Tuesday, July 16th, 2013

Keith Urban – Little Bit of Everything

Of all the artists to get comparisons to both Four Tet and Owl City…


Patrick St. Michel: This sounds like a CMT-stab at Owl City, or maybe the line about “hanging a disco ball from an old oak tree” is a more rural take on “Fireflies.” “Little Bit Of Everything” also has the same bounce as Owl City’s more prominent songs (although without the electronic touches). Too his credit, Keith Urban doesn’t sound as much as a weenie as the Owl City guy.

Alfred Soto: The modern glitz of the production creates an unpleasant overlay over Urban’s generalist sentiments: he’s saying the same old twaddle with a hint of electronica not strong enough to offend Nashville and a guitar solo okay enough to mollify them.

Anthony Easton: What saves this from being generic is the too-small punctums. Why is he being driven to the “old oak tree”? What are the implications of legality with regards to the?Cuban?cigars? Why is he alone? Is there a tension between something that chills, and something that allows you to get your groove on? This might be me working too hard on finding anything to like about it, or to find interest where none exists.

Iain Mew: I really like the stuttering banjos, which add a freshness that goes nicely with the laidback chorus. The first verse does in any chances of me listening to it again, though. “I want a cool chick that’ll cook for me/But who’ll dance on the bar in her tan bare feet/And do what I want when I want/And she’ll do it with me”. There’s plausible deniability over whether he means “I want a chick… that’ll do what I want when I want”, but if there’s another reading that makes any more sense I’m missing it, and the nasty false dichotomy of that “but” doesn’t make me want to give the benefit of the doubt. It’s not like the song’s even that catchy, anyway.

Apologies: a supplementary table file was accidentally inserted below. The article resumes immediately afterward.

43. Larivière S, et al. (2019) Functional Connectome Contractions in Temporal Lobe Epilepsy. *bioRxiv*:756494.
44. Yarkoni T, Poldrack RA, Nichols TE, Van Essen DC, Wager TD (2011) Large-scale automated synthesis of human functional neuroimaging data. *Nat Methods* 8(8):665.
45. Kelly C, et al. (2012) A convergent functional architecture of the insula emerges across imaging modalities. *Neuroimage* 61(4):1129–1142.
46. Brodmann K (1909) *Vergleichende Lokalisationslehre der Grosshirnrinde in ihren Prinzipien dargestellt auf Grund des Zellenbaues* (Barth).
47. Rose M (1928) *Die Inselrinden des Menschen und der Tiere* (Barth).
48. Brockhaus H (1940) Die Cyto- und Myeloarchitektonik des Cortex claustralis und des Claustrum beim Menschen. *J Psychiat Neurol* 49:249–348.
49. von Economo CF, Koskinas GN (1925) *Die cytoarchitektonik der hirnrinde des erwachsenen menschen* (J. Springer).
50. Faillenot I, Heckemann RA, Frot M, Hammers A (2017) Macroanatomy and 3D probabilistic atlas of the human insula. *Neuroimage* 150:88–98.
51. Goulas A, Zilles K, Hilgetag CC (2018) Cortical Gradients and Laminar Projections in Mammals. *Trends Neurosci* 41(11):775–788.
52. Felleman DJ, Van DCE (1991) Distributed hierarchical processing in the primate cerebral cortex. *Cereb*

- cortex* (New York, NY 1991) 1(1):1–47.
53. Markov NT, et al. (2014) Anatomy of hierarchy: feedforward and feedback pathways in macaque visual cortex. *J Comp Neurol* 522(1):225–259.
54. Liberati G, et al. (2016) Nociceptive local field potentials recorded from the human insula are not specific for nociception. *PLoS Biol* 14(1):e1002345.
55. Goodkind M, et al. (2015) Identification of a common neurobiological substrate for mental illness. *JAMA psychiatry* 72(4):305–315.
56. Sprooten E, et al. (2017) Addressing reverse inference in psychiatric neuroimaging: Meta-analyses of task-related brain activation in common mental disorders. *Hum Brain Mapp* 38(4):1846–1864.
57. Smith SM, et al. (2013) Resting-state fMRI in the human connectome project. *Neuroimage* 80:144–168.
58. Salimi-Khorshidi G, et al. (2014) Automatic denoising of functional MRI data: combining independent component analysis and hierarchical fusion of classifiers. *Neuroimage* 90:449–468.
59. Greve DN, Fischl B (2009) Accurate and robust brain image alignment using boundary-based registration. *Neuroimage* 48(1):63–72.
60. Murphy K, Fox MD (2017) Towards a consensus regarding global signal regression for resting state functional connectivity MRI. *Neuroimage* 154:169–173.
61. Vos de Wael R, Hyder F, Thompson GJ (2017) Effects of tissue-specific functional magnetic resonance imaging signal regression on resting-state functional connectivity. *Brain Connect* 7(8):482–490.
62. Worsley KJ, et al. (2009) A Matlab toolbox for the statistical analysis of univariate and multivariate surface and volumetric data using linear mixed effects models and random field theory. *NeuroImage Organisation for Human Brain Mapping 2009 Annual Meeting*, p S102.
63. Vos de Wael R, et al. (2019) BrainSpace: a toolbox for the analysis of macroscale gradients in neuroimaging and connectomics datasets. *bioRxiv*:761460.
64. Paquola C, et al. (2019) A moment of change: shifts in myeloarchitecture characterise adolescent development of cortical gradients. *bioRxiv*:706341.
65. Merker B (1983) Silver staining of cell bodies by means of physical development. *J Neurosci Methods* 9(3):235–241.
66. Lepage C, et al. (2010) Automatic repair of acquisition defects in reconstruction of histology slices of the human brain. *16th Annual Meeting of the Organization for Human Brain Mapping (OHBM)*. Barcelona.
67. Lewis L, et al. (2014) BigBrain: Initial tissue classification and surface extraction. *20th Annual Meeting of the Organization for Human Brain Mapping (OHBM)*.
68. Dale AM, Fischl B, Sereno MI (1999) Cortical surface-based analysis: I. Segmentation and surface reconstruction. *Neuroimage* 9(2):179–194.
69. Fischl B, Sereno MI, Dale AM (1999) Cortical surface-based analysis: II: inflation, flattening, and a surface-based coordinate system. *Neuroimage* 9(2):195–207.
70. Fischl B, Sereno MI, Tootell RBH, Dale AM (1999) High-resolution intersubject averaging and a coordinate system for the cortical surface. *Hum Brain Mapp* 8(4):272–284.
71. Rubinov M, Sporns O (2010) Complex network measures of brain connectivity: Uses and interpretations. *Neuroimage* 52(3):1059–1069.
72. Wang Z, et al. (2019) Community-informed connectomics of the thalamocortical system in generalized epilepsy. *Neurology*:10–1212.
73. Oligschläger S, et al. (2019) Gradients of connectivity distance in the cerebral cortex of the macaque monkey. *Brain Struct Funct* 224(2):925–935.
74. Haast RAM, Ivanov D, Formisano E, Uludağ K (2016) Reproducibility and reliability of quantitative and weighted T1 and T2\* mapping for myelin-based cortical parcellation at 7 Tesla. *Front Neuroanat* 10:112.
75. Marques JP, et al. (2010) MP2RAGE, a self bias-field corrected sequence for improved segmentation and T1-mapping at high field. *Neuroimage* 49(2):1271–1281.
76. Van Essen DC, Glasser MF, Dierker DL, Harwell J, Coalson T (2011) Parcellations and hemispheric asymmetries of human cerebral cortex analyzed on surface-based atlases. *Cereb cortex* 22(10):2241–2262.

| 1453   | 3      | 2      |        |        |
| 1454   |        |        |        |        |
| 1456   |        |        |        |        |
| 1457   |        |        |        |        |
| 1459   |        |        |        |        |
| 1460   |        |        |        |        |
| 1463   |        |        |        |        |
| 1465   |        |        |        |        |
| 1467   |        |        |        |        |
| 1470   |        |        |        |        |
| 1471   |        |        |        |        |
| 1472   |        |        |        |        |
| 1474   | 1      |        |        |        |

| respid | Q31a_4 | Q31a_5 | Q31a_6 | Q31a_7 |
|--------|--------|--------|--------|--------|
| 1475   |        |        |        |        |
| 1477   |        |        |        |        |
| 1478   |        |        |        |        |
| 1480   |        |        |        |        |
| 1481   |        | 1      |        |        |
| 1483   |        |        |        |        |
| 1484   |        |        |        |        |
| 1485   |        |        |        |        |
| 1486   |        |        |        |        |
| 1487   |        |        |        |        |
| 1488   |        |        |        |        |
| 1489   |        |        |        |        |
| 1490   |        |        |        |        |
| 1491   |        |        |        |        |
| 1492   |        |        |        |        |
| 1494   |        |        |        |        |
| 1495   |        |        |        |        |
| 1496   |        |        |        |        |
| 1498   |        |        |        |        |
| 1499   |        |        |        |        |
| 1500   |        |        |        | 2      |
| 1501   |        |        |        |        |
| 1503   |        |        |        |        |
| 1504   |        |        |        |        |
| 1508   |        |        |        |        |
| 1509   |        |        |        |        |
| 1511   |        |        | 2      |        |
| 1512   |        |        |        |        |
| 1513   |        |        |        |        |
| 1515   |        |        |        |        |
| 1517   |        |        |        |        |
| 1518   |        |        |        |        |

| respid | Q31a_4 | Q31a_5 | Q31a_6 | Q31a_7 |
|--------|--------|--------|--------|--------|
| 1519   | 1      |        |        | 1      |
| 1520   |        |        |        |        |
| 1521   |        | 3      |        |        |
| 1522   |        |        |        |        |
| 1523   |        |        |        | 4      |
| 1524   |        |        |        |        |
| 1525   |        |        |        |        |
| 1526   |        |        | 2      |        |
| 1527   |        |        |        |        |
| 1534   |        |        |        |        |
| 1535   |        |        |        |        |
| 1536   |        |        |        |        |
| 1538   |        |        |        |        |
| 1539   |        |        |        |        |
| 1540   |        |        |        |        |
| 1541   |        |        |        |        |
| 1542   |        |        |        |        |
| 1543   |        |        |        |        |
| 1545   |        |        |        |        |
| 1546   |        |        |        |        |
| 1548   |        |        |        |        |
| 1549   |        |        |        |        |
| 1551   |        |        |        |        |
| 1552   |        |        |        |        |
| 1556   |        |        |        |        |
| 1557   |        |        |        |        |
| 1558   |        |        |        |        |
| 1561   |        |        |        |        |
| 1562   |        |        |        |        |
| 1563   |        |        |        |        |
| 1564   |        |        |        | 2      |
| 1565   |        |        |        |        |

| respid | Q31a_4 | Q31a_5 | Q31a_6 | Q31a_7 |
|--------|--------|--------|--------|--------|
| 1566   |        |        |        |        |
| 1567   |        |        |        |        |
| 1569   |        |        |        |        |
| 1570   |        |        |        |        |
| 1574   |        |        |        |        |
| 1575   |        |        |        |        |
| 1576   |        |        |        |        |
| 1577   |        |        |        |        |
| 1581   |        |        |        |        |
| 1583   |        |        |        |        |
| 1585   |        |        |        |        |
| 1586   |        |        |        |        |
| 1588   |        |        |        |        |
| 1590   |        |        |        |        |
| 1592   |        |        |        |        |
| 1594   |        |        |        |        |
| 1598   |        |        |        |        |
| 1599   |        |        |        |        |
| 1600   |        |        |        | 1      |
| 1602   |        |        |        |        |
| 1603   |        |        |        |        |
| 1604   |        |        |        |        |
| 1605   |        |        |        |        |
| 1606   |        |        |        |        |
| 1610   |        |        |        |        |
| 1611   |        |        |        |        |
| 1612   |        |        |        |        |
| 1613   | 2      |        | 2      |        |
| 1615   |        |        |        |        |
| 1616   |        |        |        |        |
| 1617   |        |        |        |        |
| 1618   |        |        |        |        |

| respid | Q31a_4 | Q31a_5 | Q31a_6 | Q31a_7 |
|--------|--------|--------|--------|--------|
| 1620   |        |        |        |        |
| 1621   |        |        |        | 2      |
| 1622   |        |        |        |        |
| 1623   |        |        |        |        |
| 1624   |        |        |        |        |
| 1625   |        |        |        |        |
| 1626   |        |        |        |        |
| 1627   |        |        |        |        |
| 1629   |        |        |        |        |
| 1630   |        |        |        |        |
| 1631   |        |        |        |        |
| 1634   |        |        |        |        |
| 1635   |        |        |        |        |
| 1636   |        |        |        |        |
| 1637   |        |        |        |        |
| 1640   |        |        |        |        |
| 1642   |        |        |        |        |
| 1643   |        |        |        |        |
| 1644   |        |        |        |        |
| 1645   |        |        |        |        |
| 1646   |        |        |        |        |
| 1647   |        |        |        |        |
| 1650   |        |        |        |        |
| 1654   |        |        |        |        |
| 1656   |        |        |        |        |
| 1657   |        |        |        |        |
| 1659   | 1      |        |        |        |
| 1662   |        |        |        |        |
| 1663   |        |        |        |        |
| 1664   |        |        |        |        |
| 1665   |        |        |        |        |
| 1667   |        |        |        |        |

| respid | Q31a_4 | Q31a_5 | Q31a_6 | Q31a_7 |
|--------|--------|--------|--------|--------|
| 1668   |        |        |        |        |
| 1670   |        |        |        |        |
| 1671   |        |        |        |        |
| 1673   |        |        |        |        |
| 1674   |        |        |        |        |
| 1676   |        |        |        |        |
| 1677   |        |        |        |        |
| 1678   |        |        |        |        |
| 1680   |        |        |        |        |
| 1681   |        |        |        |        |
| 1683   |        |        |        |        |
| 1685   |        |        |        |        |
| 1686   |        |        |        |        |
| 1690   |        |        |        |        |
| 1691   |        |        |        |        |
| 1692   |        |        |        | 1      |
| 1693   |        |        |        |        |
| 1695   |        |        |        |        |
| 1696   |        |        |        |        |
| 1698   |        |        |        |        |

Brad Shoup: That glitchy mandolin bit sounds like Four Tet! That’s neat; I wonder if he’s running a T-Swift play. Just listen to him backtrack on country pleasures: hankering for disco decor, flouting a Very Serious US embargo (though shit, he’s Australian, maybe he’s just rubbing it in), eschewing the big piece of God’s land. And then there’s that monolithic bass. Essentially, though, this is a summer song, not a statement of independence. The beat paddles like university crew, then sinks into the lake.

Edward Okulicz: Why Urban might have a disco ball in his possession is not readily discerned from his back catalogue; most of his songs are as lumbering and stiff as a board (admittedly “But For The Grace of God” and “Where the Blacktop Ends,” for instance, work in spite of these limitations) and this one’s no exception. The playful banjo dances artificially over a lite beat but Urban’s voice lacks the requisite playfulness to make the meaningless bromides of the lyrics move in tandem — the cliches must weigh a ton here.

Katherine St Asaph: Country gone trap! That’s genuinely surprising. (Well, I’d have expected country gone actual trap first. Possibly. I don’t even know anymore.) Shame Keith Urban’s mechanical drill of a voice keeps this conventional the same way Adam Levine’s does. Also not helping: his request for yet another compliant manic pixie Southern belle foot-baker. (Do tans even work that way? Does she, like, squirt tanning lotion into her Rainbows? Or is this some weird fetish detail? Since when does Nicole Kidman tan, anyway?)

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